Emmy. Nominated. (Part 1)

A little late on this … but I got nominated for an Emmy Award.

Off the bat, I want to say I recognize proportionately little of my own work brought me here. I put in work and the rest was luck and people who loved me, gave me a chance and lifted me up.

Continue reading “Emmy. Nominated. (Part 1)”

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The Subway’s Narrative

The lines and stops forming a circulatory system of the city, a paint-by-number, dizzying puzzle for the uninitiated, carves its own story for each soul that lets them flow through long enough.

The ABC boy whose father watches him play classics and collect tips has been defined by his beats at Times and Union Square. The basketball teams and showtime performers are defined by the rush hours and long interludes in tunnels they trap their victims in.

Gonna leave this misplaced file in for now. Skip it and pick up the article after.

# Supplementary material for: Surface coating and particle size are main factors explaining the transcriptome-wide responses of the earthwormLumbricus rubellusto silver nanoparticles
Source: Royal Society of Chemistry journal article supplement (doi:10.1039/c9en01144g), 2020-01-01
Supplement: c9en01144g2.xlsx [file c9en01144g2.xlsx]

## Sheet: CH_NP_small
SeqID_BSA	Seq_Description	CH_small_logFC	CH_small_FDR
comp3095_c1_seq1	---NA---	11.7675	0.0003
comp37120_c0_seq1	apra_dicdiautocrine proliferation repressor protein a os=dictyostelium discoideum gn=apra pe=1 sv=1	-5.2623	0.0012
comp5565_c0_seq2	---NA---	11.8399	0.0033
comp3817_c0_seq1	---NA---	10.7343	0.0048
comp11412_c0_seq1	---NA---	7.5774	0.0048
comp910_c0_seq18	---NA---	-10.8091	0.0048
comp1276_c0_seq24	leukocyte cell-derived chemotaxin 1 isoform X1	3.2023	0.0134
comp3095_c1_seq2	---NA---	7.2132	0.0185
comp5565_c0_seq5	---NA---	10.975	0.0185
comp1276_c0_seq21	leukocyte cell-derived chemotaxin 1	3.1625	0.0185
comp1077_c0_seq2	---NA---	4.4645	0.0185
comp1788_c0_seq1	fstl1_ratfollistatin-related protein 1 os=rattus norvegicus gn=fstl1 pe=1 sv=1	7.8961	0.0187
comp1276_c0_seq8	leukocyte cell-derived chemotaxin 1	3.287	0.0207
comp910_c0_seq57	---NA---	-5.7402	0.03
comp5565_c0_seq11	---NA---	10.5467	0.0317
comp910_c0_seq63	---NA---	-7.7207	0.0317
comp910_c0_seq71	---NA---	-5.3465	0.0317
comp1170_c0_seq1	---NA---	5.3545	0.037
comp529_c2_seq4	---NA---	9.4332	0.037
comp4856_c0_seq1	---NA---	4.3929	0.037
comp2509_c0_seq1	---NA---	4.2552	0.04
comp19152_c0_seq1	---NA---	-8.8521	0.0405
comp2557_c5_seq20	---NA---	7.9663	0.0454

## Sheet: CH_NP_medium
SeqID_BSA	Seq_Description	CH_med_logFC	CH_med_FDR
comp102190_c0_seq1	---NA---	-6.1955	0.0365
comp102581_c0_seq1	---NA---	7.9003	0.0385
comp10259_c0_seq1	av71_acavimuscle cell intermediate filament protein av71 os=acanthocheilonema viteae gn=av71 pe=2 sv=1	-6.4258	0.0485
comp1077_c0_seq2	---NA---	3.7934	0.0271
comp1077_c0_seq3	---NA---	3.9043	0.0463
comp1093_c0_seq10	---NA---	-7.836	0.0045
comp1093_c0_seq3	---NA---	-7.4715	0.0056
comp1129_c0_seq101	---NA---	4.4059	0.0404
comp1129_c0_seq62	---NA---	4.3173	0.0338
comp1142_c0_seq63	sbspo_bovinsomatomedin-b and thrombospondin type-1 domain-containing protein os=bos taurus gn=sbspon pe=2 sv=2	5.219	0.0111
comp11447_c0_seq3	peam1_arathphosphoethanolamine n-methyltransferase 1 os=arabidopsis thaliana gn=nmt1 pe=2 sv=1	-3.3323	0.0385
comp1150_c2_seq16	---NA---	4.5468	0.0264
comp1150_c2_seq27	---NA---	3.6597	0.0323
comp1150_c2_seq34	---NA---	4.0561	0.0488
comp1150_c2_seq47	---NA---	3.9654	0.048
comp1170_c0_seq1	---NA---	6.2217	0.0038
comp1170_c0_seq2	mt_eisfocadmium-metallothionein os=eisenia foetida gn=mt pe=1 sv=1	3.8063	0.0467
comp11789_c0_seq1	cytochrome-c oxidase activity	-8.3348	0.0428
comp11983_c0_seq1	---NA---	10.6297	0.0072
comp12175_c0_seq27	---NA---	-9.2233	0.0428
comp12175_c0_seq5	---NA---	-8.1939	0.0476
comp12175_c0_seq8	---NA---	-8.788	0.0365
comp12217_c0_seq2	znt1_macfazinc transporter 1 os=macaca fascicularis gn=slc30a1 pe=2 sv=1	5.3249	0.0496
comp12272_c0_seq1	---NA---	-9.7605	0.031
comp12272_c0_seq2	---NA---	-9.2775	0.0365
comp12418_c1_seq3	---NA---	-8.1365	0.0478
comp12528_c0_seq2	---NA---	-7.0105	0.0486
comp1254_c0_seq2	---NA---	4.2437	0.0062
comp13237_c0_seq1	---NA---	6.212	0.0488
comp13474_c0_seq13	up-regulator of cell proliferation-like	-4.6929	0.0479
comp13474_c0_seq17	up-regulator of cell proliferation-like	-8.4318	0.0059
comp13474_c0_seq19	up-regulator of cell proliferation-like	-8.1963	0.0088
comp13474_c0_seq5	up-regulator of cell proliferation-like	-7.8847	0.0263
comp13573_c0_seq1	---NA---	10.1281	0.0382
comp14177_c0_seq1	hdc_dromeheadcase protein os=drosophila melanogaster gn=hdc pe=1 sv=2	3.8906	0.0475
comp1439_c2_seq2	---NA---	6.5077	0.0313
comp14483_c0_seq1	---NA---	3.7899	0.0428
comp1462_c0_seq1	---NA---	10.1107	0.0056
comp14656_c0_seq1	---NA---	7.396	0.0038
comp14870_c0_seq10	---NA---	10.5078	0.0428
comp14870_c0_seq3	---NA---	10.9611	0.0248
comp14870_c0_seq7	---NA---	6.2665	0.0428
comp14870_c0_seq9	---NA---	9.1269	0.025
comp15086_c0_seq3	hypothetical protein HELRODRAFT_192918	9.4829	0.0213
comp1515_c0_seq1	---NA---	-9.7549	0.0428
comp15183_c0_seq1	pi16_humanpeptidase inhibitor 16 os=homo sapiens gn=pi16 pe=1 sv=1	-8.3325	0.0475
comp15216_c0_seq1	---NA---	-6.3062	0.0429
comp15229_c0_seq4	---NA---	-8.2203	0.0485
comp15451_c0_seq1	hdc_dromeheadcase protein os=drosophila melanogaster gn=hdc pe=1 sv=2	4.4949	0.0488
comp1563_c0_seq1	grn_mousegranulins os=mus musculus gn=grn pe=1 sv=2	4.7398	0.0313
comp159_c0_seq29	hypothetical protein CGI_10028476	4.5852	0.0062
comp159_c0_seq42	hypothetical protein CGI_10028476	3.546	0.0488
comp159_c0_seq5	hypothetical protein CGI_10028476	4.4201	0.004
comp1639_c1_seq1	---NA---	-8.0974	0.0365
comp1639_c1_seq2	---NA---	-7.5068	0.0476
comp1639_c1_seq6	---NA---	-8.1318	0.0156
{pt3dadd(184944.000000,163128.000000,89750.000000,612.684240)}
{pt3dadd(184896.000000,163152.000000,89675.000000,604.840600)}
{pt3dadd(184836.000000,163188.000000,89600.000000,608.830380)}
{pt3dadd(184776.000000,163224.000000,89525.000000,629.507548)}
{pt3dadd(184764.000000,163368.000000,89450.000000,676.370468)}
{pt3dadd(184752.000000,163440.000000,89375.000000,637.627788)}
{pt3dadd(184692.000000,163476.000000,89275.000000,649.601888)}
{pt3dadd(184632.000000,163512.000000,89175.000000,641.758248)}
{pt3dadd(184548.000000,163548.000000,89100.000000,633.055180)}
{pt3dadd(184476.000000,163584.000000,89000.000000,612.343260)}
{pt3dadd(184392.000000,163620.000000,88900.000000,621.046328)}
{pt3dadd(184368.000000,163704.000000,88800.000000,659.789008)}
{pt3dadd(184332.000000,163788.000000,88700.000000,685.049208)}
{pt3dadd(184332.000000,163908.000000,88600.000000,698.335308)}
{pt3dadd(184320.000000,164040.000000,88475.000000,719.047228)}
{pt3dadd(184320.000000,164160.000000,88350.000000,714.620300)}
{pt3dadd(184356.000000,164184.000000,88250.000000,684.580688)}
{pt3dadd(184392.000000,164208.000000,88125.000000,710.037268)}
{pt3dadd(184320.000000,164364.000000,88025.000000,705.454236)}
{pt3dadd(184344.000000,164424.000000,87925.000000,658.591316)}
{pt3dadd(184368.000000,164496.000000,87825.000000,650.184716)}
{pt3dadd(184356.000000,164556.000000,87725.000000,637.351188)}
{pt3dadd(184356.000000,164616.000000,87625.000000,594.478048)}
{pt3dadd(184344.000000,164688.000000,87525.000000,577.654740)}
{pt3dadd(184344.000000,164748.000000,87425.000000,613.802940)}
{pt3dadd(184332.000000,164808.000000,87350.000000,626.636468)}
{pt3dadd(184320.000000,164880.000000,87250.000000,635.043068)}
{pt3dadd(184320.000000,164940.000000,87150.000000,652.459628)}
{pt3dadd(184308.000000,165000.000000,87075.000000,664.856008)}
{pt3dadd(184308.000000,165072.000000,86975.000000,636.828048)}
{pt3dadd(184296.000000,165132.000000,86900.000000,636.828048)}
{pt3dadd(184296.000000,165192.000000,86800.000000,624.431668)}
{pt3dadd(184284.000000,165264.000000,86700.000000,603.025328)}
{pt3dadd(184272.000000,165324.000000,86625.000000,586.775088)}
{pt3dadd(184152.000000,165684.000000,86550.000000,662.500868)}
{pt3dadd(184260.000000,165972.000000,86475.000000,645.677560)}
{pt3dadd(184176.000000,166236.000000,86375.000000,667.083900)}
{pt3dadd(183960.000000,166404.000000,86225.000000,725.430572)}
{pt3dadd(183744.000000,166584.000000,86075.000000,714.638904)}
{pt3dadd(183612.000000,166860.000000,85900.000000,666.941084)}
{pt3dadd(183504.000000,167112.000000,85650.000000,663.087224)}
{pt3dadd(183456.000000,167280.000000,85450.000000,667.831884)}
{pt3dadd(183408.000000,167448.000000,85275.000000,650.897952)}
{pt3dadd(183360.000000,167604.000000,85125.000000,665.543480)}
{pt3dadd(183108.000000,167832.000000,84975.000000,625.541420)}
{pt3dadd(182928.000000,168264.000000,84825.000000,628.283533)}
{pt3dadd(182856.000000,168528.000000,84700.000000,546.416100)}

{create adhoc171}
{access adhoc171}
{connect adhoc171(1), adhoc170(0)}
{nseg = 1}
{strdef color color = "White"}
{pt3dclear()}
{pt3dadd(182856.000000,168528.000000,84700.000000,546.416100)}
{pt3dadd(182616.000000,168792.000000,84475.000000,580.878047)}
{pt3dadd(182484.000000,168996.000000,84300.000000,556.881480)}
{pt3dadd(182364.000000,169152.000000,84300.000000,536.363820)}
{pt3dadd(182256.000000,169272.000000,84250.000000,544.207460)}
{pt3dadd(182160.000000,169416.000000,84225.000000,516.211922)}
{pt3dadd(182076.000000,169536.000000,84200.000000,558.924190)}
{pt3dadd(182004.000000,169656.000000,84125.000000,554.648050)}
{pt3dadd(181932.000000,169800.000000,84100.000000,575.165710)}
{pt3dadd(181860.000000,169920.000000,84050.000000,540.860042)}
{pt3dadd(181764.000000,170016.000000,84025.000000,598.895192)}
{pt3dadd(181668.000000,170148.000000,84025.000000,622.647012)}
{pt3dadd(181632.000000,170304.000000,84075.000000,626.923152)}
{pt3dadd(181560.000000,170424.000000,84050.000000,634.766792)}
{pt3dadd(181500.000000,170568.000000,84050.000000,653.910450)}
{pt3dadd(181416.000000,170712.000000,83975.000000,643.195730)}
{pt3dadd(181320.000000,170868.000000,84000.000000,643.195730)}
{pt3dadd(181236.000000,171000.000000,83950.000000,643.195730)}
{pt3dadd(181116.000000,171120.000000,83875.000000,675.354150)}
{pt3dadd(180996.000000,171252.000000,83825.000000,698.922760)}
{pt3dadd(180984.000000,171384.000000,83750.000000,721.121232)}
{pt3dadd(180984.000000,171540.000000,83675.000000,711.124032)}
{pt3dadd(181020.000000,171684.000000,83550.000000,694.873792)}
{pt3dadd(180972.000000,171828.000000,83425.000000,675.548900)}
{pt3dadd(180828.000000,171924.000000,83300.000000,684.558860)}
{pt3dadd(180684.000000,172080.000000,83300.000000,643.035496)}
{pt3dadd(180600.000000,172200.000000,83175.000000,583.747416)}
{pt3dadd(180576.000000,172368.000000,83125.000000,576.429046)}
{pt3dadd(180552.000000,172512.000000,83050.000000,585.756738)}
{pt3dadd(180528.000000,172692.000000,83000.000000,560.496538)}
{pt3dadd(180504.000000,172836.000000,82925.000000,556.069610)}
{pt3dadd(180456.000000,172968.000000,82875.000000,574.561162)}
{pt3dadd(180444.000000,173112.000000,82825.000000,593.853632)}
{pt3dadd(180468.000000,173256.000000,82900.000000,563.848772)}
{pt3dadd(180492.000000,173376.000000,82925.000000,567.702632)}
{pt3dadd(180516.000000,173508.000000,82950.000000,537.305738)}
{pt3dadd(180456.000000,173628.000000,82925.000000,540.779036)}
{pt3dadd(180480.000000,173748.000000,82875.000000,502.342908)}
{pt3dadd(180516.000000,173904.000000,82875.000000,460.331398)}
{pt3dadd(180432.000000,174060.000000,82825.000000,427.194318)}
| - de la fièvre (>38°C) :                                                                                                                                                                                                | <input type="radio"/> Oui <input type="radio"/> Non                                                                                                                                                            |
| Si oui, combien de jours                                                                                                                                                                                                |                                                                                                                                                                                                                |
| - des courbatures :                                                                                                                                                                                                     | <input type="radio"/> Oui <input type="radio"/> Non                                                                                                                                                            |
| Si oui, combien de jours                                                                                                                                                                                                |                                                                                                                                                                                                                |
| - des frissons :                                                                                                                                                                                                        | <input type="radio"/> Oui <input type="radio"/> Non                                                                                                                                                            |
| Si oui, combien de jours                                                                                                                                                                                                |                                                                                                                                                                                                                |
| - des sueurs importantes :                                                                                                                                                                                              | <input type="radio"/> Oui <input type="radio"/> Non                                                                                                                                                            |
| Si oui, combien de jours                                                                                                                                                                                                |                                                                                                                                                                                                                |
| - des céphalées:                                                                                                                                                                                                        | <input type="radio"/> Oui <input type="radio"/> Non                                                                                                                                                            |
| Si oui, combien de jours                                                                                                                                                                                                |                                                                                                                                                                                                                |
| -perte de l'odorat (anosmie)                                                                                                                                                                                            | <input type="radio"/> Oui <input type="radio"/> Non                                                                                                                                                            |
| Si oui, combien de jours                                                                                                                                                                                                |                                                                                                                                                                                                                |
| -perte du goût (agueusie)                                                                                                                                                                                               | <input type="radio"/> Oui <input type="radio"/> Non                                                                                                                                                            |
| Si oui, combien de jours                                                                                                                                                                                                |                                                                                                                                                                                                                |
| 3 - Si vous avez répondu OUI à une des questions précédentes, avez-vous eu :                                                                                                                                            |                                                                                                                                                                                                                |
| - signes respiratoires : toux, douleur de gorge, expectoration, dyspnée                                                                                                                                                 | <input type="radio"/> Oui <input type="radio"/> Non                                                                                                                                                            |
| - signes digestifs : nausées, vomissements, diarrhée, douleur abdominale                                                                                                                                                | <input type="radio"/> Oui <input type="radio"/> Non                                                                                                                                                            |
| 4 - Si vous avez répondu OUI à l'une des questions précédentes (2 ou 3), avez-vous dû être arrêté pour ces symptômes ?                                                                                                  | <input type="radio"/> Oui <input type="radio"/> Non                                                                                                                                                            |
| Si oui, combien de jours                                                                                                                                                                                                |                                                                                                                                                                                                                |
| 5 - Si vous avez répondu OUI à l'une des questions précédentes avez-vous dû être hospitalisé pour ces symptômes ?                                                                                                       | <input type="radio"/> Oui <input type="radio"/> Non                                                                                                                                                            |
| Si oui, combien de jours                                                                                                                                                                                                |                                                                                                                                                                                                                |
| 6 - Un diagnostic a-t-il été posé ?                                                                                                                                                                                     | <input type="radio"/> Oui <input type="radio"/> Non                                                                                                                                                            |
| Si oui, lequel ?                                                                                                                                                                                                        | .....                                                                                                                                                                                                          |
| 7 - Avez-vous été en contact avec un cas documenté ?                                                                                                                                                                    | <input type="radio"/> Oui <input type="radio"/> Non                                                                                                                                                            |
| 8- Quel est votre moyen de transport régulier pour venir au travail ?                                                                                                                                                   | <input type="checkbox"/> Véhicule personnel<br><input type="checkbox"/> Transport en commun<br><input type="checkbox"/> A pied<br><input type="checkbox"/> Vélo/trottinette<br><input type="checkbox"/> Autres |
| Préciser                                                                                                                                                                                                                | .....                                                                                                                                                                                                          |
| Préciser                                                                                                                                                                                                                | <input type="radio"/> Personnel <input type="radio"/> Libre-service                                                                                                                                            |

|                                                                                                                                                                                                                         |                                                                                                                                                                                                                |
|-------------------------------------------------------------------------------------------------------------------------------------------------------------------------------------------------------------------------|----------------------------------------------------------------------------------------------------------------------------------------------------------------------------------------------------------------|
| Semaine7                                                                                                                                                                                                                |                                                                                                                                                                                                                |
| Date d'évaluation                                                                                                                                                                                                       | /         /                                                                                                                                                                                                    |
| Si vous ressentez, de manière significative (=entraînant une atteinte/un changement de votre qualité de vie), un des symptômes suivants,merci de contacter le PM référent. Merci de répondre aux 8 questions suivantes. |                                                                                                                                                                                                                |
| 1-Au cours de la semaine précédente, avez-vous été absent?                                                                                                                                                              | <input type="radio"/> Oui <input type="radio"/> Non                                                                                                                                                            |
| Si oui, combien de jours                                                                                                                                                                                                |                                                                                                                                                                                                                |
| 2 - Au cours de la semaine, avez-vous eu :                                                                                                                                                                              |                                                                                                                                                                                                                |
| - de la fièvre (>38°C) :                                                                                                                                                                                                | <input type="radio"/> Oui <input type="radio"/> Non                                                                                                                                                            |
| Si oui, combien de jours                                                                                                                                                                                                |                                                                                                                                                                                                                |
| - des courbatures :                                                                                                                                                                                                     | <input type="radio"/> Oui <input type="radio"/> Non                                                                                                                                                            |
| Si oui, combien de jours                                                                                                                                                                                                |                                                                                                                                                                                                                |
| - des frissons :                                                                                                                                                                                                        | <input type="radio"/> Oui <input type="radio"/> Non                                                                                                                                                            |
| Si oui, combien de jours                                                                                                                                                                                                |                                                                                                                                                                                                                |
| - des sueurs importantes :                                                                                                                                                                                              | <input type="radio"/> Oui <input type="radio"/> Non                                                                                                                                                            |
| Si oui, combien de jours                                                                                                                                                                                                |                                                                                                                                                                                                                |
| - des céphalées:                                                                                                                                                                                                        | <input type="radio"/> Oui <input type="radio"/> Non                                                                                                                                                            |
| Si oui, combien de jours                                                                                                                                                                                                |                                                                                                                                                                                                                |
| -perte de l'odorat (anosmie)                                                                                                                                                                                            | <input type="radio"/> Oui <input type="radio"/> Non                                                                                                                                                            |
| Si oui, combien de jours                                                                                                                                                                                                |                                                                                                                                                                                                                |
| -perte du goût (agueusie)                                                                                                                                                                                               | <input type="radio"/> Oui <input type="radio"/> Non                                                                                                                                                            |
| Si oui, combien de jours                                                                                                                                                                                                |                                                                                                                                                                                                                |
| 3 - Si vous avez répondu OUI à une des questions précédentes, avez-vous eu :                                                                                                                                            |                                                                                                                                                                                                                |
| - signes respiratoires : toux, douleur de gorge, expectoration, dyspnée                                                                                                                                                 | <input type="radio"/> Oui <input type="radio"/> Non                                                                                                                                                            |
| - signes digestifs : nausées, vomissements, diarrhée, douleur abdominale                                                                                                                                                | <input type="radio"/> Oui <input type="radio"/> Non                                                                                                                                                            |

The time I divided and donated to steamy, dusty halls showed exactly who and what I was obligated to, or more importantly, made the effort to travel for. They say you’re not a New Yorker until you’ve cried in a crowded car. Perhaps instead it becomes a part of your identity when you define yourself by red, yellow and green lines and numbered street names. Perhaps instead when you’ve navigated alone, leaning over another poor traveler to see the map. Perhaps instead when you take the G into the middle of Queens at 2 a.m. — until you give up and take an Uber instead.

I’ve written about many parts of New York as if the city was a man who persistently breaks and mends my heart. Of course, the city is old and comprised of moving, conflicting pieces — it has a personality like no other. The subway is no different.